J Natl Cancer Inst 2011 Aug 27;103(16):1264-76. Epub 2011 Jul 27.
Department of Epidemiology and Public Health, Swiss Tropical and Public Health Institute, Socinstrasse 57, P.O. Box, 4002 Basel, Switzerland.
Background: It has been hypothesized that children and adolescents might be more vulnerable to possible health effects from mobile phone exposure than adults. We investigated whether mobile phone use is associated with brain tumor risk among children and adolescents.
Methods: CEFALO is a multicenter case-control study conducted in Denmark, Sweden, Norway, and Switzerland that includes all children and adolescents aged 7-19 years who were diagnosed with a brain tumor between 2004 and 2008. We conducted interviews, in person, with 352 case patients (participation rate: 83%) and 646 control subjects (participation rate: 71%) and their parents. Control subjects were randomly selected from population registries and matched by age, sex, and geographical region. We asked about mobile phone use and included mobile phone operator records when available. Odds ratios (ORs) for brain tumor risk and 95% confidence intervals (CIs) were calculated using conditional logistic regression models.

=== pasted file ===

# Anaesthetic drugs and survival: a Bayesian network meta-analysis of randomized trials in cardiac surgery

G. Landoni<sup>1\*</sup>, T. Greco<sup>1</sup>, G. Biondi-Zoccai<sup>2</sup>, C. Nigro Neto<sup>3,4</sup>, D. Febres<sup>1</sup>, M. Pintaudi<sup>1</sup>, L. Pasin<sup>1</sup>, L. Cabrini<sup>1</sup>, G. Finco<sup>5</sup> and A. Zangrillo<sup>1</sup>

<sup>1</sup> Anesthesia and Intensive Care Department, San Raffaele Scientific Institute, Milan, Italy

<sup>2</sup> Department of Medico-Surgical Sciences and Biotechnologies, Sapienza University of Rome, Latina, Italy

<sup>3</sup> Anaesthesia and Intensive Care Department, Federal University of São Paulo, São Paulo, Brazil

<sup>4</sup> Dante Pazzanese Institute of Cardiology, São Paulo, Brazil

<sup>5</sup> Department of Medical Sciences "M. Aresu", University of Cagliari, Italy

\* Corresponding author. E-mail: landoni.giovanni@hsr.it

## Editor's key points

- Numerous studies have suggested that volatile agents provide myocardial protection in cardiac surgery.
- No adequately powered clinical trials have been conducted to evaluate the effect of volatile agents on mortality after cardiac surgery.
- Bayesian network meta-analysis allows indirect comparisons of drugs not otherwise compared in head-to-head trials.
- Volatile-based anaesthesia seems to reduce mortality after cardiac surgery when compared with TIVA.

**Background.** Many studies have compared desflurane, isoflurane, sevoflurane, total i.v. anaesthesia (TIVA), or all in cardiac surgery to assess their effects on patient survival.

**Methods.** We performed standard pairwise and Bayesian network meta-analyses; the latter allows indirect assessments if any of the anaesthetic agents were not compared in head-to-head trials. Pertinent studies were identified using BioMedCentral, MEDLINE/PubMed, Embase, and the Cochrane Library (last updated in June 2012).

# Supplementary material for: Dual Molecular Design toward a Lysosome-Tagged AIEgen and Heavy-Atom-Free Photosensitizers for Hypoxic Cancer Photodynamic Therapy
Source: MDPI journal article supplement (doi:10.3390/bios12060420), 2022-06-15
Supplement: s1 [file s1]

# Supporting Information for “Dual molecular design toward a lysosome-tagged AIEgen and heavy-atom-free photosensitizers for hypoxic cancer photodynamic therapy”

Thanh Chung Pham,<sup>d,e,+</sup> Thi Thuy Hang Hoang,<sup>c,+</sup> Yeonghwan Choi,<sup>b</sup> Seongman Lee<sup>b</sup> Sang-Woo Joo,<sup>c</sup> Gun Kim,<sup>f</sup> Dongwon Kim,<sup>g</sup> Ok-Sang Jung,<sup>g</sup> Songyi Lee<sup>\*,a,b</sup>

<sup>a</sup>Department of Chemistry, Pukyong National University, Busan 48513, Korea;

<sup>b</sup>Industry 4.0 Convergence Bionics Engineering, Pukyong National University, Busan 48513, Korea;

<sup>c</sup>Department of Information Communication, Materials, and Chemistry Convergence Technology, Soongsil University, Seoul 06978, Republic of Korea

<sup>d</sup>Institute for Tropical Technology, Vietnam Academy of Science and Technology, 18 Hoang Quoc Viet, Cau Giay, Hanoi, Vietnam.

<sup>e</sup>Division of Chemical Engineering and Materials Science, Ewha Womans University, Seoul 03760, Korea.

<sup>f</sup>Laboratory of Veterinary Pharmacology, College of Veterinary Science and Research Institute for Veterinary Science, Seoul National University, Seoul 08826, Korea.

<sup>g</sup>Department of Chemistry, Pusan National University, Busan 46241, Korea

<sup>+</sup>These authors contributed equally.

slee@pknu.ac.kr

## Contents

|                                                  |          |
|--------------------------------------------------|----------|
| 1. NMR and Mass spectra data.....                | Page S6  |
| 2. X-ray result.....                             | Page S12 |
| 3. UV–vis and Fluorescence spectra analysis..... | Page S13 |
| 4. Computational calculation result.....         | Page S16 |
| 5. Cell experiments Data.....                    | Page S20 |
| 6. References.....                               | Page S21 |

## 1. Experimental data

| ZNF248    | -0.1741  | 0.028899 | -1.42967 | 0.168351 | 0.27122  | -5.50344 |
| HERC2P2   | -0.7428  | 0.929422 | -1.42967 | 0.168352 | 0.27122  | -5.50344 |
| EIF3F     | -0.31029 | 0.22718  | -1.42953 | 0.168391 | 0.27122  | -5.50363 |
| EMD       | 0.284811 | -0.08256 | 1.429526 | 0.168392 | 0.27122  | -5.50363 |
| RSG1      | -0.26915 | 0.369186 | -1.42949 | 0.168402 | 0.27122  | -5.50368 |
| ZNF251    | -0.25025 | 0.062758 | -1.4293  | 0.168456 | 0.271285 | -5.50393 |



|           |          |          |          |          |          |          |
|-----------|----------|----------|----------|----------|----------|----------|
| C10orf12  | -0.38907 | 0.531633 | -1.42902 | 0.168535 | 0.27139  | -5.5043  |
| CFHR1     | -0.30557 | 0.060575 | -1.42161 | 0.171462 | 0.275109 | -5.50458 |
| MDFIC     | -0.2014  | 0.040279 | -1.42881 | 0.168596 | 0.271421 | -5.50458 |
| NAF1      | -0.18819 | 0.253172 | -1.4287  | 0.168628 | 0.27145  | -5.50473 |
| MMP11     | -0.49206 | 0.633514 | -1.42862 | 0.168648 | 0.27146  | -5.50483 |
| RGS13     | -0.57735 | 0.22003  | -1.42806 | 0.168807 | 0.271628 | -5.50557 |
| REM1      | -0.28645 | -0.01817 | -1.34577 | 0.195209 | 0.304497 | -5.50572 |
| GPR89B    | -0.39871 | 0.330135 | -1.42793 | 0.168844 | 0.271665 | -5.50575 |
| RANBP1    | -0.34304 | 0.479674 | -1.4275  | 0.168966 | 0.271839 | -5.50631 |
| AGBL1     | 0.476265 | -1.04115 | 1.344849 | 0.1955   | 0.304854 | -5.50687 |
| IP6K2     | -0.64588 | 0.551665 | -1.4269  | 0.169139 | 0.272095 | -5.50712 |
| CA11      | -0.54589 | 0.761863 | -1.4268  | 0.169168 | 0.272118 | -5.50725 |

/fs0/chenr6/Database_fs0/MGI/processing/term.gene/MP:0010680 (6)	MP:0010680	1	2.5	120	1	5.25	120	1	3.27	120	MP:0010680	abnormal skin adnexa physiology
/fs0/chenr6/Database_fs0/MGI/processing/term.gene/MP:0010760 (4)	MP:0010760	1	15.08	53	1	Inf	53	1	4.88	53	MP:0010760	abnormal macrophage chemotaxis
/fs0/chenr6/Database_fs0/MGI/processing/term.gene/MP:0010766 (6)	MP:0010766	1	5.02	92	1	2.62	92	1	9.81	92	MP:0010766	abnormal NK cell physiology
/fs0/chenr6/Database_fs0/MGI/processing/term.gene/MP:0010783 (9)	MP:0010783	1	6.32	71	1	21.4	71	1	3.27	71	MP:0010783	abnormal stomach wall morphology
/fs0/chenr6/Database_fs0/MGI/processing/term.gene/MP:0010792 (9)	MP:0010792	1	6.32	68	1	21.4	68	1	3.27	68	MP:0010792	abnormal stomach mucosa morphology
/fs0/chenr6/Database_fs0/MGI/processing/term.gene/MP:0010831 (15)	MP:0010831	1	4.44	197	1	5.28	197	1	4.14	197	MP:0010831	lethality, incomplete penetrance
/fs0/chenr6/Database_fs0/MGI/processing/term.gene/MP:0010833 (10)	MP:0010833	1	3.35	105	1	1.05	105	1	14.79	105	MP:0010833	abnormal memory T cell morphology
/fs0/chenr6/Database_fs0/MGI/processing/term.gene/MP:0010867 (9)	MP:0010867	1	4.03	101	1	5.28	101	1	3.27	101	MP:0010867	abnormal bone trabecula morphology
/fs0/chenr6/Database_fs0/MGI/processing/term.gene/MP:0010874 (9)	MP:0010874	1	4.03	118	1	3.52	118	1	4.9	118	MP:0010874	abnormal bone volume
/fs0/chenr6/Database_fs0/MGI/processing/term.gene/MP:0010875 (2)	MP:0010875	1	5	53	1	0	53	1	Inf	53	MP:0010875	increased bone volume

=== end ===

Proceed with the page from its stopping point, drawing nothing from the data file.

Results: Regular users of mobile phones were not statistically significantly more likely to have been diagnosed with brain tumors compared with nonusers (OR = 1.36; 95% CI = 0.92 to 2.02). Children who started to use mobile phones at least 5 years ago were not at increased risk compared with those who had never regularly used mobile phones (OR = 1.26, 95% CI = 0.70 to 2.28). In a subset of study participants for whom operator recorded data were available, brain tumor risk was related to the time elapsed since the mobile phone subscription was started but not to amount of use. No increased risk of brain tumors was observed for brain areas receiving the highest amount of exposure.
Conclusion: The absence of an exposure-response relationship either in terms of the amount of mobile phone use or by localization of the brain tumor argues against a causal association.